Country information for Portugal - Legislation and policy
As the education system in Portugal has evolved over the years, government initiatives have been taken to deal with individuals and/or groups identified as requiring special education. Some initiatives, no less important from the chronological point of view, will be omitted because they involved no specific, organised social or educational intervention. However, an important milestone was the creation, in 1946, of the first special classes in primary schools. Initially these were for learners with a physical or intellectual disability. However, later learners with learning difficulties and minor disabilities were included. The António Aurélio da Costa Ferreira Institute was the state institute responsible for giving guidance to these classes and for training the teachers involved.
In the 1960s, under the Ministry of Health and Assistance, the Institute for Providing Assistance for Minors was created. Centres for special education and centres for observation and assessment were set up. They adopted a medical pedagogic approach and were responsible for detecting, observing and referring learners to schools providing special education or similar provision. The first courses were also organised to give specialist training to teachers.
With the revolution in 1974, which replaced dictatorship with democracy, the parents’ associations’ movement, aided by specialists and teaching staff, was important in developing many socio-educational activities and in organising and creating schools for learners with disabilities, particularly those with intellectual disabilities. At the time, the state already provided some organised response to other types of disability (sensory), although this was insufficient and ineffective from an educational and social point of view. Therefore, it was through these associations and co-operatives that the first schools for learners with intellectual disabilities were introduced throughout the country. The most important centres were the Co-operatives for the Education and Rehabilitation of Children with Learning Difficulties. Today, these are still an important partner in finding solutions for people with disabilities and, in some cases, a specialised resource serving the educational community.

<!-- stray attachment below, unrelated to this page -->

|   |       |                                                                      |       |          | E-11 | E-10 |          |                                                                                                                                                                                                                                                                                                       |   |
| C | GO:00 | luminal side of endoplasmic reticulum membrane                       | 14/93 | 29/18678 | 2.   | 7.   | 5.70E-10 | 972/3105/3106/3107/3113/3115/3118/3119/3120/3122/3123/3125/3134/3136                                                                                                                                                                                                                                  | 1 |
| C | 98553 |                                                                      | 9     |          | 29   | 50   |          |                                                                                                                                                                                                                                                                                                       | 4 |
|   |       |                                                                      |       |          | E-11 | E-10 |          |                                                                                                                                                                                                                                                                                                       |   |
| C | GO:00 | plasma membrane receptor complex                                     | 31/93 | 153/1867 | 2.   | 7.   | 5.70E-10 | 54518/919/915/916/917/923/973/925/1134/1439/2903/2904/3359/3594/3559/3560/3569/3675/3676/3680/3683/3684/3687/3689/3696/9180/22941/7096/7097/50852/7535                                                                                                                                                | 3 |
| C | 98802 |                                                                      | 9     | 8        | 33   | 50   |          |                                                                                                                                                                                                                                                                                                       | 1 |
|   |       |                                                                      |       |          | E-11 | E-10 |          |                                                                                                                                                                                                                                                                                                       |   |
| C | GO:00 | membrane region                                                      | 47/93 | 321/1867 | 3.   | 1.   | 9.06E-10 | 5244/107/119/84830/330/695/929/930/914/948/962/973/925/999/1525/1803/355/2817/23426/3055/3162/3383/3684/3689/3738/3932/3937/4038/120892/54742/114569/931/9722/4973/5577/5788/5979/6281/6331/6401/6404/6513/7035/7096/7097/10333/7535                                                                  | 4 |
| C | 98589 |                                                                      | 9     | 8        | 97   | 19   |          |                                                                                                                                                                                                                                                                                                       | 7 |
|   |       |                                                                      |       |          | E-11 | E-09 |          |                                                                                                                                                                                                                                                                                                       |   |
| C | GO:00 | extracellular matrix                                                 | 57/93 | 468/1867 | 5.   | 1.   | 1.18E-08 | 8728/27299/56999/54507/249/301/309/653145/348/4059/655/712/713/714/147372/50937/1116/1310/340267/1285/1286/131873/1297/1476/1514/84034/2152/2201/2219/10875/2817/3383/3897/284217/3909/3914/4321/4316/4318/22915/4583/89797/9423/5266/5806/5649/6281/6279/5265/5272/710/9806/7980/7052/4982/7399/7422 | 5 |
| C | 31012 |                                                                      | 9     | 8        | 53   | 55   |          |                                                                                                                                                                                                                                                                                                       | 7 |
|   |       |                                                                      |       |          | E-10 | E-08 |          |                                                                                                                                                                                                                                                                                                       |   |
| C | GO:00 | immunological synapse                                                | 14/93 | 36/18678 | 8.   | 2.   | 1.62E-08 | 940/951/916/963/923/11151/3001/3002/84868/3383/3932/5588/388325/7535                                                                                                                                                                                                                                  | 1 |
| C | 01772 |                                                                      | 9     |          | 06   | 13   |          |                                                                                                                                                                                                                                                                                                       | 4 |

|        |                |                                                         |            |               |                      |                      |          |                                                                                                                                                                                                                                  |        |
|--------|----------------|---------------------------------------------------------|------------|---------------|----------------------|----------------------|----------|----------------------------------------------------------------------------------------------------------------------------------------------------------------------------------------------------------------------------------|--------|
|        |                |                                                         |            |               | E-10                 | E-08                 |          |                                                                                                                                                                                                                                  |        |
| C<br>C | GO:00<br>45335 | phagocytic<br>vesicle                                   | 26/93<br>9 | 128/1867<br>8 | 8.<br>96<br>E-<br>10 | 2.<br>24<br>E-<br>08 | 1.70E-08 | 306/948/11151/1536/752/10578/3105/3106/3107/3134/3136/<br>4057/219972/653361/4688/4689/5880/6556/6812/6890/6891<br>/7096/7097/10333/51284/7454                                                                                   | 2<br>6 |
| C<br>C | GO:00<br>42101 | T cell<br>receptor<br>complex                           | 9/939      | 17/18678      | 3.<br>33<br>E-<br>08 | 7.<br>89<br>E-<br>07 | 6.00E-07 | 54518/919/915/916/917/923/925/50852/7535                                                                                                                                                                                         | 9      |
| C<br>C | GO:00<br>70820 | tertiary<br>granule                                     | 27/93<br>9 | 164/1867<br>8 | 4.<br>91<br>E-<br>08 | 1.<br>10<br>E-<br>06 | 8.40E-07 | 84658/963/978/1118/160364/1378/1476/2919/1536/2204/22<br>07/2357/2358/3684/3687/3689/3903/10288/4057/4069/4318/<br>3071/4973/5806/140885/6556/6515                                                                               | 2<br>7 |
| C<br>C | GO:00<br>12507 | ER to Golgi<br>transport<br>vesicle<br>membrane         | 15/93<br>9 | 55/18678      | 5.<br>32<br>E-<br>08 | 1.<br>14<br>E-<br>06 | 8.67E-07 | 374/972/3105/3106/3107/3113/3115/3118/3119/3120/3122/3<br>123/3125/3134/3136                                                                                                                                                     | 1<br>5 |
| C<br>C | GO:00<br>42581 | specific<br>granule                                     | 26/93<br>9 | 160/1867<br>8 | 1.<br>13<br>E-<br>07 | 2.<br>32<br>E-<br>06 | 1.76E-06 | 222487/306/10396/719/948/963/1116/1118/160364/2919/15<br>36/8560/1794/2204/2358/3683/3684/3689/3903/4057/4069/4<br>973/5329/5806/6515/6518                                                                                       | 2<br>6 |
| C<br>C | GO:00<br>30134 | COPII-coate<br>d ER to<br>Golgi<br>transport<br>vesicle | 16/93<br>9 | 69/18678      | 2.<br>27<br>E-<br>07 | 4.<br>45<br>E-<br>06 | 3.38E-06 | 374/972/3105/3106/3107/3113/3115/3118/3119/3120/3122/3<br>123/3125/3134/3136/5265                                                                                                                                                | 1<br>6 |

In the early 1970s, the Ministry of Education began to pass legislation that specifically addressed educational structures for ‘those with disabilities and those with learning difficulties’. To this end it created, within the Ministry itself, the Department for Special Education to cover compulsory education (basic education) and the Department of Special and Vocational Education for upper-secondary education. Among other tasks and duties, the Ministry decided to give its support to the above-mentioned schools and to assume responsibility for providing specialised teacher training for those working with learners with disabilities. The courses administered by the António Aurélio da Costa Ferreira Institute were restructured accordingly. Similarly, in the mid-1970s, regional support structures were organised. Special education teams were only recognised in 1988 with the publication of Joint Order No. 36/SEAM/SERE/88, 17 August. This aimed to develop integrated teaching for children with disabilities and adolescents with sight, hearing or physical impairments. Some time later this was also approved for those with intellectual disabilities.
Education for all, based on the protection of individual rights by applying the principle of equal opportunity to education and the criteria of pedagogic and social justice, is expressed clearly through full participation and co-operation among all those involved in education.
Special education is guided by the principles enshrined in legislation, which comprises the Education Act, Law No. 46/86, 14 October; Decree-Law No. 35/90, 25 January; Decree-Law No. 3/2008, 7 January. The underlying philosophy is based on several international resolutions, such as the Salamanca Statement and Framework for Action on Special Needs Education.
These principles can be summarised under three fundamental rights:
- The right to education: all children with special educational needs (SEN), even as the result of a problem (or problems) in a particular area of development, have the right to education. At compulsory school age, education for children and adolescents with SEN, no matter how complex they are, should be provided within the mainstream education system.